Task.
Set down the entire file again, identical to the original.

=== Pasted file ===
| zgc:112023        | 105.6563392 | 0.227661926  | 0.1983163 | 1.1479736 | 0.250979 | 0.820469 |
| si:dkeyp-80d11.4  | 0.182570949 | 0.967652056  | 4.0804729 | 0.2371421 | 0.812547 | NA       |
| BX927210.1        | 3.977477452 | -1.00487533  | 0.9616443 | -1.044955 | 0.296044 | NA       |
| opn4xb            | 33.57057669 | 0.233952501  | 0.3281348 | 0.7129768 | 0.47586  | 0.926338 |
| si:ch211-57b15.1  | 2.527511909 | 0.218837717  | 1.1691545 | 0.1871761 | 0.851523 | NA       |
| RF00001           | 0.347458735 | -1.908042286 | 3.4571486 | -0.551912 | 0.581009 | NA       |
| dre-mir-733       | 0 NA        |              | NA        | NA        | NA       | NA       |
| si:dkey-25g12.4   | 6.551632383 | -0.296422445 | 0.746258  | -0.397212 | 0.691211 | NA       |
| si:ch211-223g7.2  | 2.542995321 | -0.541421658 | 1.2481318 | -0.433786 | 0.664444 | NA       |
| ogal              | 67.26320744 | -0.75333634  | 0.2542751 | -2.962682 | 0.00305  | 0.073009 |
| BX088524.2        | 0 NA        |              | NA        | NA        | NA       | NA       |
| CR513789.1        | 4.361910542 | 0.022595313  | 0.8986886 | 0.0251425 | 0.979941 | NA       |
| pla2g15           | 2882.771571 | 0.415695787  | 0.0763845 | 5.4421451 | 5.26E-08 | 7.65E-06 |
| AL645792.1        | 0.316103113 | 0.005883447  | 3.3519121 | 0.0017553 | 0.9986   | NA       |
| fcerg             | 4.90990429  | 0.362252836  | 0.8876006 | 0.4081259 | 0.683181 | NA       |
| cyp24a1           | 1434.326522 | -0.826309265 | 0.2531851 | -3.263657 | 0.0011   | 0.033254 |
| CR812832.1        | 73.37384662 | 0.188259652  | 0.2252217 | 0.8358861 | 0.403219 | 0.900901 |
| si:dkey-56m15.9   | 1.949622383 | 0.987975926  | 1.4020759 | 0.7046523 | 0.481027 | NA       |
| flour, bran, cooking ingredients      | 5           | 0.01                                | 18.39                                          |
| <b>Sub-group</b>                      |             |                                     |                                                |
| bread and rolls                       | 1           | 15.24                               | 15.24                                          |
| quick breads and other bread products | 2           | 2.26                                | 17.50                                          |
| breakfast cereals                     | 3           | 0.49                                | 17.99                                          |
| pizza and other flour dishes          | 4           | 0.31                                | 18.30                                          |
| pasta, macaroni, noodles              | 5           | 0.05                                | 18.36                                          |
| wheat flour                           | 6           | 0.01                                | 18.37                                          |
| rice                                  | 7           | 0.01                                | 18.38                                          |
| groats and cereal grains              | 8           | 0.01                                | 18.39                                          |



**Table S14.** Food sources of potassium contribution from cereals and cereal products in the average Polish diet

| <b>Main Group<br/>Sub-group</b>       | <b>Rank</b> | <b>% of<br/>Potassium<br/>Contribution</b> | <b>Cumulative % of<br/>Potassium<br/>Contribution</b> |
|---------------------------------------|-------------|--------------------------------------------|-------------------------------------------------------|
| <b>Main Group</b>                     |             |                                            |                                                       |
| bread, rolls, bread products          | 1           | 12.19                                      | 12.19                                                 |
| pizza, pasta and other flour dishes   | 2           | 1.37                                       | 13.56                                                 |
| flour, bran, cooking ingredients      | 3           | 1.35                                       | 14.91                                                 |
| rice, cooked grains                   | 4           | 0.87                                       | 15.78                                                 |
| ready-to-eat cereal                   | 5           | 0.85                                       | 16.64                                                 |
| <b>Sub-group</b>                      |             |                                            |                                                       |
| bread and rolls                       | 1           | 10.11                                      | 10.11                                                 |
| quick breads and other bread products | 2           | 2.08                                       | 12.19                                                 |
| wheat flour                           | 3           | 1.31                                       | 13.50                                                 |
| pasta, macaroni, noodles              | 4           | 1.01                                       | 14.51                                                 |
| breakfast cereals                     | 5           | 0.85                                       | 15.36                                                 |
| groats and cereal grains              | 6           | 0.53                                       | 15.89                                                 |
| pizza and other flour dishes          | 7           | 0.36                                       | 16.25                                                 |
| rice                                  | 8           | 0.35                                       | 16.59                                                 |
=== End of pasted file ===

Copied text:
| zgc:112023        | 105.6563392 | 0.227661926  | 0.1983163 | 1.1479736 | 0.250979 | 0.820469 |
| si:dkeyp-80d11.4  | 0.182570949 | 0.967652056  | 4.0804729 | 0.2371421 | 0.812547 | NA       |
| BX927210.1        | 3.977477452 | -1.00487533  | 0.9616443 | -1.044955 | 0.296044 | NA       |
| opn4xb            | 33.57057669 | 0.233952501  | 0.3281348 | 0.7129768 | 0.47586  | 0.926338 |
| si:ch211-57b15.1  | 2.527511909 | 0.218837717  | 1.1691545 | 0.1871761 | 0.851523 | NA       |
| RF00001           | 0.347458735 | -1.908042286 | 3.4571486 | -0.551912 | 0.581009 | NA       |
| dre-mir-733       | 0 NA        |              | NA        | NA        | NA       | NA       |
| si:dkey-25g12.4   | 6.551632383 | -0.296422445 | 0.746258  | -0.397212 | 0.691211 | NA       |
| si:ch211-223g7.2  | 2.542995321 | -0.541421658 | 1.2481318 | -0.433786 | 0.664444 | NA       |
| ogal              | 67.26320744 | -0.75333634  | 0.2542751 | -2.962682 | 0.00305  | 0.073009 |
| BX088524.2        | 0 NA        |              | NA        | NA        | NA       | NA       |
| CR513789.1        | 4.361910542 | 0.022595313  | 0.8986886 | 0.0251425 | 0.979941 | NA       |
| pla2g15           | 2882.771571 | 0.415695787  | 0.0763845 | 5.4421451 | 5.26E-08 | 7.65E-06 |
| AL645792.1        | 0.316103113 | 0.005883447  | 3.3519121 | 0.0017553 | 0.9986   | NA       |
| fcerg             | 4.90990429  | 0.362252836  | 0.8876006 | 0.4081259 | 0.683181 | NA       |
| cyp24a1           | 1434.326522 | -0.826309265 | 0.2531851 | -3.263657 | 0.0011   | 0.033254 |
| CR812832.1        | 73.37384662 | 0.188259652  | 0.2252217 | 0.8358861 | 0.403219 | 0.900901 |
| si:dkey-56m15.9   | 1.949622383 | 0.987975926  | 1.4020759 | 0.7046523 | 0.481027 | NA       |
| flour, bran, cooking ingredients      | 5           | 0.01                                | 18.39                                          |
| <b>Sub-group</b>                      |             |                                     |                                                |
| bread and rolls                       | 1           | 15.24                               | 15.24                                          |
| quick breads and other bread products | 2           | 2.26                                | 17.50                                          |
| breakfast cereals                     | 3           | 0.49                                | 17.99                                          |
| pizza and other flour dishes          | 4           | 0.31                                | 18.30                                          |
| pasta, macaroni, noodles              | 5           | 0.05                                | 18.36                                          |
| wheat flour                           | 6           | 0.01                                | 18.37                                          |
| rice                                  | 7           | 0.01                                | 18.38                                          |
| groats and cereal grains              | 8           | 0.01                                | 18.39                                          |



**Table S14.** Food sources of potassium contribution from cereals and cereal products in the average Polish diet

| <b>Main Group<br/>Sub-group</b>       | <b>Rank</b> | <b>% of<br/>Potassium<br/>Contribution</b> | <b>Cumulative % of<br/>Potassium<br/>Contribution</b> |
|---------------------------------------|-------------|--------------------------------------------|-------------------------------------------------------|
| <b>Main Group</b>                     |             |                                            |                                                       |
| bread, rolls, bread products          | 1           | 12.19                                      | 12.19                                                 |
| pizza, pasta and other flour dishes   | 2           | 1.37                                       | 13.56                                                 |
| flour, bran, cooking ingredients      | 3           | 1.35                                       | 14.91                                                 |
| rice, cooked grains                   | 4           | 0.87                                       | 15.78                                                 |
| ready-to-eat cereal                   | 5           | 0.85                                       | 16.64                                                 |
| <b>Sub-group</b>                      |             |                                            |                                                       |
| bread and rolls                       | 1           | 10.11                                      | 10.11                                                 |
| quick breads and other bread products | 2           | 2.08                                       | 12.19                                                 |
| wheat flour                           | 3           | 1.31                                       | 13.50                                                 |
| pasta, macaroni, noodles              | 4           | 1.01                                       | 14.51                                                 |
| breakfast cereals                     | 5           | 0.85                                       | 15.36                                                 |
| groats and cereal grains              | 6           | 0.53                                       | 15.89                                                 |
| pizza and other flour dishes          | 7           | 0.36                                       | 16.25                                                 |
| rice                                  | 8           | 0.35                                       | 16.59                                                 |